Apr 22, 2015

Science for Kids

I loved the school science fair when I was a kid.  I also participated in Science Olympiad and Odyssey of the Mind.  I met my husband at science camp in high school, and his version of "me time" is still reading science blogs or listening to science podcasts (The Skeptics Guide to the Universe anybody?)  So it's no wonder that we had hoped our kids would love the science fair themselves, and every year doing their projects would be a massive fun educational family undertaking.

Well our girls hate it.  They're ambivalent about science in general.  They tend to be interested any time we have discussions on new theories or discoveries at home, or lead them through just-for-fun experiments, but often complain about science class at school.  (Sometimes because it's boring and sometimes because it talks about the human reproductive system and OMG how embarrassing!!)

We've tried for years to make it fun and exciting.  BUT we are also adamant they do it right- no baking soda volcanoes here, folks!  Only one variable allowed!  Can this experiment be replicated?  How large is your data set?  We've done our best to keep it reasonable and developmentally appropriate for each of them, but we think it's really important that our {all} children learn a few basic fundamental facts about the scientific method- so they can recognize bad information as they get older.

I think we've made a few mistakes along the way though.  First of all, we never start soon enough.  If we want it to be fun AND done correctly, it can't be rushed.  So we always start talking about it weeks ahead of time, but no one ever actually does anything until the weekend before the projects are due.  Second of all, they need more help coming up with ideas for what to do their projects on.  It's difficult for me to come up with a simple, testable and controllable experiment, and I understand the scientific method.  For someone who doesn't, it's nearly impossible.  It certainly doesn't help that many of the "science for kids" websites out there are packed with demonstrations rather than experiments.  Demonstrations are great ways to get kids excited about science, teach them a lesson, and pass the time during endless summer vacation days.  They are NOT experiments, do not teach the scientific method, and are not what the science fair is all about.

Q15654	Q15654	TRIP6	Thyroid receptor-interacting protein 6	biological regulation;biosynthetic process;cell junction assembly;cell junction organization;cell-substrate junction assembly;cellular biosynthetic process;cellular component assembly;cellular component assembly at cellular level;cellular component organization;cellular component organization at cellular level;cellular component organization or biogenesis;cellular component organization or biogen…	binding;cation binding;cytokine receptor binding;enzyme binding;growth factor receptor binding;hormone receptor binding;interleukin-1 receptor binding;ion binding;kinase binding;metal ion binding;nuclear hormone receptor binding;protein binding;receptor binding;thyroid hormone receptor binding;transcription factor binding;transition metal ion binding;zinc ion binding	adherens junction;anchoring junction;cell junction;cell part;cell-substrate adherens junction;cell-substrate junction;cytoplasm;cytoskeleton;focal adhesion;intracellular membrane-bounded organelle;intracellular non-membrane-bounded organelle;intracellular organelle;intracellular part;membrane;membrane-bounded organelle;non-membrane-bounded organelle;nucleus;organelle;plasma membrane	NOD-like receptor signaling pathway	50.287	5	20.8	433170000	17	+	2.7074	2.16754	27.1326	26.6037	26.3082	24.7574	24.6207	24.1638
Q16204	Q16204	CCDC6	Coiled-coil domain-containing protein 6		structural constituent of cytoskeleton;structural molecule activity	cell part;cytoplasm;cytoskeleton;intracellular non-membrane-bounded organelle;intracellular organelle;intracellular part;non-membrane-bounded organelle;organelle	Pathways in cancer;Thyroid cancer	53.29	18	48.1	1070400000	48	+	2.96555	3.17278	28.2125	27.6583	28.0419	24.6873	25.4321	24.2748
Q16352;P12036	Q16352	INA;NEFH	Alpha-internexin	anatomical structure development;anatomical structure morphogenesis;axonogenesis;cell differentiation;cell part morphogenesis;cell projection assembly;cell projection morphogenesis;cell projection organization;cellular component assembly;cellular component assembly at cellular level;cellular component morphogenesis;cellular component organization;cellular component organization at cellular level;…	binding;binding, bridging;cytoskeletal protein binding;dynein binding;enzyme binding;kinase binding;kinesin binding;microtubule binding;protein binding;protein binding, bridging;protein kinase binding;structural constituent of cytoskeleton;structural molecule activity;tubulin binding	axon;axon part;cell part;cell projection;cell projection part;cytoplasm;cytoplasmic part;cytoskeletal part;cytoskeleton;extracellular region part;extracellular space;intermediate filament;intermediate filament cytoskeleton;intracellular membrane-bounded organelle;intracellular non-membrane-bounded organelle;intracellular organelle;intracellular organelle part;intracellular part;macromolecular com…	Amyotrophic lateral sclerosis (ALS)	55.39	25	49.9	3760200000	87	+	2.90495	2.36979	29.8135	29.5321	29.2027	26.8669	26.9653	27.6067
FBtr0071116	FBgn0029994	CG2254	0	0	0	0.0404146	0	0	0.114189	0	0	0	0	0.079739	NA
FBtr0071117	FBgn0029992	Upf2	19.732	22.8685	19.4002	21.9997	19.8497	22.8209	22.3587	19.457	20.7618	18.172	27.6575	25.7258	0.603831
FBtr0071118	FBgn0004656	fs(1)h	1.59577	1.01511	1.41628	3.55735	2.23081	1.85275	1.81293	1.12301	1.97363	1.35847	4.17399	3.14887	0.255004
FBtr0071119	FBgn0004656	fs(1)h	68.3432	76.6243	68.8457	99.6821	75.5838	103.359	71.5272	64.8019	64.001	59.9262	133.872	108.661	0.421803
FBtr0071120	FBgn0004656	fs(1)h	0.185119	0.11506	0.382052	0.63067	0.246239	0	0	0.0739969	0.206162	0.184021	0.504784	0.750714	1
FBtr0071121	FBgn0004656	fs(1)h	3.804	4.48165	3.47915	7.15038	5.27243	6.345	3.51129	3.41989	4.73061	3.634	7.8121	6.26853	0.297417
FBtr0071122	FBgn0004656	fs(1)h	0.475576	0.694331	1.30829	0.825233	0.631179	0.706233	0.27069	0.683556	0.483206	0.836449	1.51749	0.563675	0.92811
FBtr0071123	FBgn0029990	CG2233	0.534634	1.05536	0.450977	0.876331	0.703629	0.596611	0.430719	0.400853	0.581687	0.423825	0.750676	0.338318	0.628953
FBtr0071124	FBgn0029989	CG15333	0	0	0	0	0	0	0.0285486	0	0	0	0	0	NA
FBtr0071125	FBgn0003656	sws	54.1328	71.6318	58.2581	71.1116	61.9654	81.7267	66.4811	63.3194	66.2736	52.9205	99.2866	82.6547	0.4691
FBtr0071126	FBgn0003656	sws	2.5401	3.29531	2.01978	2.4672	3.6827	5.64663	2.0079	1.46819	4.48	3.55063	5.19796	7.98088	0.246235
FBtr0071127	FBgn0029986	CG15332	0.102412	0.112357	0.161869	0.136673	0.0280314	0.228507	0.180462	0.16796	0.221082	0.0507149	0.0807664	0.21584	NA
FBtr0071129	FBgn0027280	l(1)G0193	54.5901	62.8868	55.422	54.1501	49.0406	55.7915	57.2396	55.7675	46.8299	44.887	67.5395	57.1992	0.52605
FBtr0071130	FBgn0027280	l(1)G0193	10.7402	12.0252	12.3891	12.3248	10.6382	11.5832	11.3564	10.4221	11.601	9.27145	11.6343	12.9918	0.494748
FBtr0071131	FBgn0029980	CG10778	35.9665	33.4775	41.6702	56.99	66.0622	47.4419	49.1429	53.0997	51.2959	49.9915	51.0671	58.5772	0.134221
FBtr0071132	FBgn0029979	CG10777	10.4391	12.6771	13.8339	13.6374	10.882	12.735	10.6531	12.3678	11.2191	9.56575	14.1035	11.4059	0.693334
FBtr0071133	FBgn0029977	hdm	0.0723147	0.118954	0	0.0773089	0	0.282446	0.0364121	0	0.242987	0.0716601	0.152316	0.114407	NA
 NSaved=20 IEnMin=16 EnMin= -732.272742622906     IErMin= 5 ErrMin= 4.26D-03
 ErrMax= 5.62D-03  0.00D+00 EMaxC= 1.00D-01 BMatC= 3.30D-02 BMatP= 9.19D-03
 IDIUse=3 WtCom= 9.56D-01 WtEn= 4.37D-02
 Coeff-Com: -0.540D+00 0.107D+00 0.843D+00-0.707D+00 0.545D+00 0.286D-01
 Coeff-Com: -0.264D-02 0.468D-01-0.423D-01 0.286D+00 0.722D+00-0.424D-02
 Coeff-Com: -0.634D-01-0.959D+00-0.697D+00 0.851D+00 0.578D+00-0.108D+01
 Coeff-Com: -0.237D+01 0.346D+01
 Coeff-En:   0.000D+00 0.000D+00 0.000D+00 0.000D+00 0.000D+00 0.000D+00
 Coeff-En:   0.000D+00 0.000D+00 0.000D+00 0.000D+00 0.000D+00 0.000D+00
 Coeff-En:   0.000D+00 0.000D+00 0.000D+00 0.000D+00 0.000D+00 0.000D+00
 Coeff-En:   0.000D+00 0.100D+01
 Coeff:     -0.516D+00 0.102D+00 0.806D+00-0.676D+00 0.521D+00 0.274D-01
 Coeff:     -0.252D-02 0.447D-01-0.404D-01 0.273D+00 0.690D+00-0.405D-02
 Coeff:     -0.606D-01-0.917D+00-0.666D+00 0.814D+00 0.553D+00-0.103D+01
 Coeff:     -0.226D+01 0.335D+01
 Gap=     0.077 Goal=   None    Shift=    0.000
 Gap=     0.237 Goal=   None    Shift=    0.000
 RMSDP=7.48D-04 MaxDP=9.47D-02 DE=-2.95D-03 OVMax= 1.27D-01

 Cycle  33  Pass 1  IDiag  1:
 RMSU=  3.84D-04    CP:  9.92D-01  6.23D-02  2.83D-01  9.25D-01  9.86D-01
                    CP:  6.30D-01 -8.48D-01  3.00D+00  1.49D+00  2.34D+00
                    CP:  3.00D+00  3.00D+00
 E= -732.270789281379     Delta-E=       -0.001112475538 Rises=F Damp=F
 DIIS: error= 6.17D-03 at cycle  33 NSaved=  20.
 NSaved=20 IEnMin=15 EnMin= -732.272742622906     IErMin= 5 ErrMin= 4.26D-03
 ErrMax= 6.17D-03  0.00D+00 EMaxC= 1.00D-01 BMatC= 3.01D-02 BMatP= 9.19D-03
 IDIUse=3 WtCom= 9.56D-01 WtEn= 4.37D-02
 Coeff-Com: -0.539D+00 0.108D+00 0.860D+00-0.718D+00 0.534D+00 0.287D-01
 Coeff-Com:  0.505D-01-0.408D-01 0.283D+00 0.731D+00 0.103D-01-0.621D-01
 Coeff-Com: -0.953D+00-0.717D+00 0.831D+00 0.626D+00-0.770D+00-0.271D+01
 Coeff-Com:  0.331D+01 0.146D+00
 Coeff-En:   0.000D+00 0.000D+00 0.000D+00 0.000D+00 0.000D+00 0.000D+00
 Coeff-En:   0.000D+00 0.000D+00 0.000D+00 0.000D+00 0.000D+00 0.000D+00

Anyway, our bickering over projects in the past has cemented our daughters' hatred for the whole thing, and every year when it comes up there are a lot of heavy sighs and groaning in anticipation.  This year, however, we totally nailed it.  It helped that our oldest finally seemed to understand the assignment, accomplished most of the prep work at school, and needed very little help at all.  We provided a lot more direct guidance to the younger two, who still seemed very confused.  Our son doesn't have to do one at all until he's in the 4th grade, but he wanted to and we (obviously) think that's great, so we do it with him every year, too.

We don't want to be the parents who do the projects for the kids, but if the goal is for them to learn something, then too much "Well what do you think?" doesn't work either, and ultimately just leads to tears.  It took us 4 years to figure out the balance between the two, but this weekend we arrived!  In case you are looking for an experiment to do with your kids, for a science fair or just for fun, this is what our kids did:

For the 13 year old, How much salt has to be added to water to make an egg float?

For the 12 year old, How much weight can 3 eggs bear before they crack?

For the 8 year old, Which of my toy cars is faster- the blue RC car or the red wind-up car?

Are any of these projects perfect?  Of course not.  There will be no papers published in any scientific journals on these experiments any time soon (or ever).  But my kids had fun!  They learned about the scientific method!  They won't get failing grades at school!  No body cried!  Winner!

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